Dangerous or not, hard limiters are coming - it's just a matter of time rolleyes
The problem they've got is that the stats show higher accident rates in lower speed limits.
Given a free hand most people drive at the safest speed for the type of road.
That's interesting - do you have any reference data (eg web links) which endorse the point please?

Pixelpeep Z4

6,412 posts

106 months

Thursday 4th March
quotequote all
bigothunter said:
saaby93 said:
bigothunter said:
Pan Pan Pan said:
No! hard speed limiters are dangerous. A driver may have to accelerate hard to avoid a collision. Anything that artificially limits what the vehicle will need to do in an emergency situation, is dangerous, and should not be countenanced .
If you don't like driving at the posted limits, why don't you just go everywhere by bus, a lot cheaper than running a car, and you can look at the scenery going by (but you may be doing that already which is why you seem to want to go everywhere slowly?)
Hard speed limiters set at 56mph have been fitted to vans and trucks over 3500kg for many years. Vans below 3500kg with tow bars have tachographs and 70mph hard limiters. Soft limiters are scheduled on new cars from 2022. After initial acceptance, the proposal under review is to make them fixed. Exceeding 70mph will not be possible. "Elephant racing" at 56mph enjoyed by trucks on dual carriages will be extended to cars vying for position at 70mph.

Dangerous or not, hard limiters are coming - it's just a matter of time rolleyes
The problem they've got is that the stats show higher accident rates in lower speed limits.
Given a free hand most people drive at the safest speed for the type of road.
That's interesting - do you have any reference data (eg web links) which endorse the point please?
Even more argument for keeping a vintage weekend toy on the fleet smile

saaby93

27,994 posts

142 months

Thursday 4th March
quotequote all
bigothunter said:
That's interesting - do you have any reference data (eg web links) which endorse the point please?
Its well known - otherwise we wouldnt have different speed limits on different types of roads
Look at the published data each year and see whats happened as more 20 limits have been introduced
https://assets.publishing.service.gov.uk/governmen...
ods format



Edited by saaby93 on Thursday 4th March 12:39

bigothunter

907 posts

24 months

Thursday 4th March
quotequote all
saaby93 said:
ts well known - otherwise we wouldnt have different speed limits on different types of roads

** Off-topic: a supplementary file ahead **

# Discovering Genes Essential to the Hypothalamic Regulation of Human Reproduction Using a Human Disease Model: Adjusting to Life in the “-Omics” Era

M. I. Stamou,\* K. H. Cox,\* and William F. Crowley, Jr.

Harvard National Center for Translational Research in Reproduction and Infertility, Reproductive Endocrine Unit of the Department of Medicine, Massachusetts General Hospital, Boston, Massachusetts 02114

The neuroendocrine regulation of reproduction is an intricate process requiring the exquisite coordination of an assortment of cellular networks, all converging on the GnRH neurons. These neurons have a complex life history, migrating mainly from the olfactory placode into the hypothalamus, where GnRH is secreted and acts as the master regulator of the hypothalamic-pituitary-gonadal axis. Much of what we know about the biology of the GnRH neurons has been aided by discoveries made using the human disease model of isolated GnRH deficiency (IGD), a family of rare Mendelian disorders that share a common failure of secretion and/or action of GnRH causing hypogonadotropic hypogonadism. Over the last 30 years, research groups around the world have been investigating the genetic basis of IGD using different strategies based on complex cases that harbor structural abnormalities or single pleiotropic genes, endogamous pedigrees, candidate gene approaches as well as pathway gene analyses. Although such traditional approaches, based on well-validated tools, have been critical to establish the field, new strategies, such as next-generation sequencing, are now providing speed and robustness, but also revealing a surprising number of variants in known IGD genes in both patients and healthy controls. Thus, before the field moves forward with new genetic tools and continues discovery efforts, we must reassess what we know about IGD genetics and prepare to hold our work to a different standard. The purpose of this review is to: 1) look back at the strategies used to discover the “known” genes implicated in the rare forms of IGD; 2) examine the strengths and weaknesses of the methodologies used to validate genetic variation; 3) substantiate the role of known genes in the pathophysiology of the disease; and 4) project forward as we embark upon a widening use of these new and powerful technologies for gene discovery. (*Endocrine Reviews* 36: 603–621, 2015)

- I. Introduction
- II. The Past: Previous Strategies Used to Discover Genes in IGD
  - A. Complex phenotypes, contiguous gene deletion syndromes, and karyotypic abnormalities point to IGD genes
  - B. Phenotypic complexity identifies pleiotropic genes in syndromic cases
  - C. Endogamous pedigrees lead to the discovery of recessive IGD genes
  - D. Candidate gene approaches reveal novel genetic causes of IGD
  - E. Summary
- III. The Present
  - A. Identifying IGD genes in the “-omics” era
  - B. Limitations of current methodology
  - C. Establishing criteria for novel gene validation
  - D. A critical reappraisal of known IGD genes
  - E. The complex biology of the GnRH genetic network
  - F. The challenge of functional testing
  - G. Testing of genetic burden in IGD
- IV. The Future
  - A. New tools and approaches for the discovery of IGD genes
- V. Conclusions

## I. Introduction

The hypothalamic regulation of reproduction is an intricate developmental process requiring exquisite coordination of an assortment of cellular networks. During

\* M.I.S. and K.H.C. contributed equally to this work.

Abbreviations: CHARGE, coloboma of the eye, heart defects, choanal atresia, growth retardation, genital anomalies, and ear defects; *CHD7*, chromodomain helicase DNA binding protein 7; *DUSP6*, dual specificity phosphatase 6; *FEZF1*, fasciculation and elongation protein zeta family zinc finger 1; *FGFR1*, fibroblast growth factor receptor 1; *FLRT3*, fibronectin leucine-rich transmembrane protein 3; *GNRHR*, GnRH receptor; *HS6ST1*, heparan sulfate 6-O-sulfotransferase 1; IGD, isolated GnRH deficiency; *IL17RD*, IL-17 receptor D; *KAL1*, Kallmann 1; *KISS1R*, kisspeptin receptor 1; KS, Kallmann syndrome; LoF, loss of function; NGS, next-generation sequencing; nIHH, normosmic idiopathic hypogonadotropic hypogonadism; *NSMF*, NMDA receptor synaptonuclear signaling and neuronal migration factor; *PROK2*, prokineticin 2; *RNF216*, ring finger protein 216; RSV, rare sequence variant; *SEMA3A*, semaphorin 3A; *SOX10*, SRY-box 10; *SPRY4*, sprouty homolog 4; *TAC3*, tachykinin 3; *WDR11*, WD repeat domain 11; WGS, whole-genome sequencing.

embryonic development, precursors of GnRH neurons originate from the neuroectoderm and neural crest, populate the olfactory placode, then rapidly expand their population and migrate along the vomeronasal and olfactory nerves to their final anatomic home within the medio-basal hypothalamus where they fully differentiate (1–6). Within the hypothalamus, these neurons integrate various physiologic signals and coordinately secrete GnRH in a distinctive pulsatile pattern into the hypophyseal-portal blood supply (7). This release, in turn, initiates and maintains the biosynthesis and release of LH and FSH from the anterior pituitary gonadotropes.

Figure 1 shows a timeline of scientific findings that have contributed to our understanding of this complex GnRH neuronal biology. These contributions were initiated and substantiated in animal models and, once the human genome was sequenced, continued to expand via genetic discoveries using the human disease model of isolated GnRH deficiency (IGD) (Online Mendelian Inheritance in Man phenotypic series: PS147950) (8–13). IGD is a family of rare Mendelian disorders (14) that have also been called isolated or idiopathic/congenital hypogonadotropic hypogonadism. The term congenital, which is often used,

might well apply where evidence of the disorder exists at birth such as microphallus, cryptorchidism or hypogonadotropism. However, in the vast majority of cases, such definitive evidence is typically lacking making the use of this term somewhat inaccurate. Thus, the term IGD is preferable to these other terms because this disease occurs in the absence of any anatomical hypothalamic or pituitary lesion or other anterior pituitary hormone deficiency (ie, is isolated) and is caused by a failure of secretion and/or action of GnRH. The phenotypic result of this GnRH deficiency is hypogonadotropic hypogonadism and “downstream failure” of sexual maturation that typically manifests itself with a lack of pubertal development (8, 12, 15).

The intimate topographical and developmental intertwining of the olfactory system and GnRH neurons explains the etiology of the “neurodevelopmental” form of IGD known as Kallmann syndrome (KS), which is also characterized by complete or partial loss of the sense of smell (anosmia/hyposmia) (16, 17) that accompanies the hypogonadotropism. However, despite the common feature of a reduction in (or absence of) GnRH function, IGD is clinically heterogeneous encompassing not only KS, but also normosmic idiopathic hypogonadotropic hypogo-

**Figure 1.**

Look at the published data each year and see whats happened as more 20 limits have been introduced
https://assets.publishing.service.gov.uk/governmen...
ods format
Thanks thumbup

But 20 mph is still safer than 30 mph on the same roads. And 10 mph is safer than 20 mph. No cars moving at all would be even safer.

Ref from this report:
"Some of the year-on-year changes in this table will relate to increases / decreases in the length of the road with the
given speed limit. This is particularly the case with roads limited to 20 mph which are likely to have increased
significantly in recent years. The Department is considering the best way to measure the change in the amount of
roads limited to 20 mph."





saaby93

27,994 posts

142 months

Thursday 4th March
quotequote all
bigothunter said:
saaby93 said:
ts well known - otherwise we wouldnt have different speed limits on different types of roads
Look at the published data each year and see whats happened as more 20 limits have been introduced
https://assets.publishing.service.gov.uk/governmen...
ods format
Thanks thumbup

But 20 mph is still safer than 30 mph on the same roads. And 10 mph is safer than 20 mph. No cars moving at all would be even safer.
Unfortunately human behaviour doesnt work like that....
A normal person will feel higher speeds are more risky so be more aware and drive more safely and end up driving where they feel safest.
Same for pedestrians - theyre a lot more careful on higher speed roads than lower speed ones.
How many times has a new 20mph limit been followed by someone being run over by a bus?

Hence putting a lower speed limit on a road doesnt always make it safer.
An 80mph limit on motorwyas might be safer than 70
Theyve already realised that road works speed limits can be too low - people pay less attention etc.

It's not as straightforward as you might think
Hence if someone asks for a lower speed limit ' to improve safety' you'll notice it wont happen straight away if at all.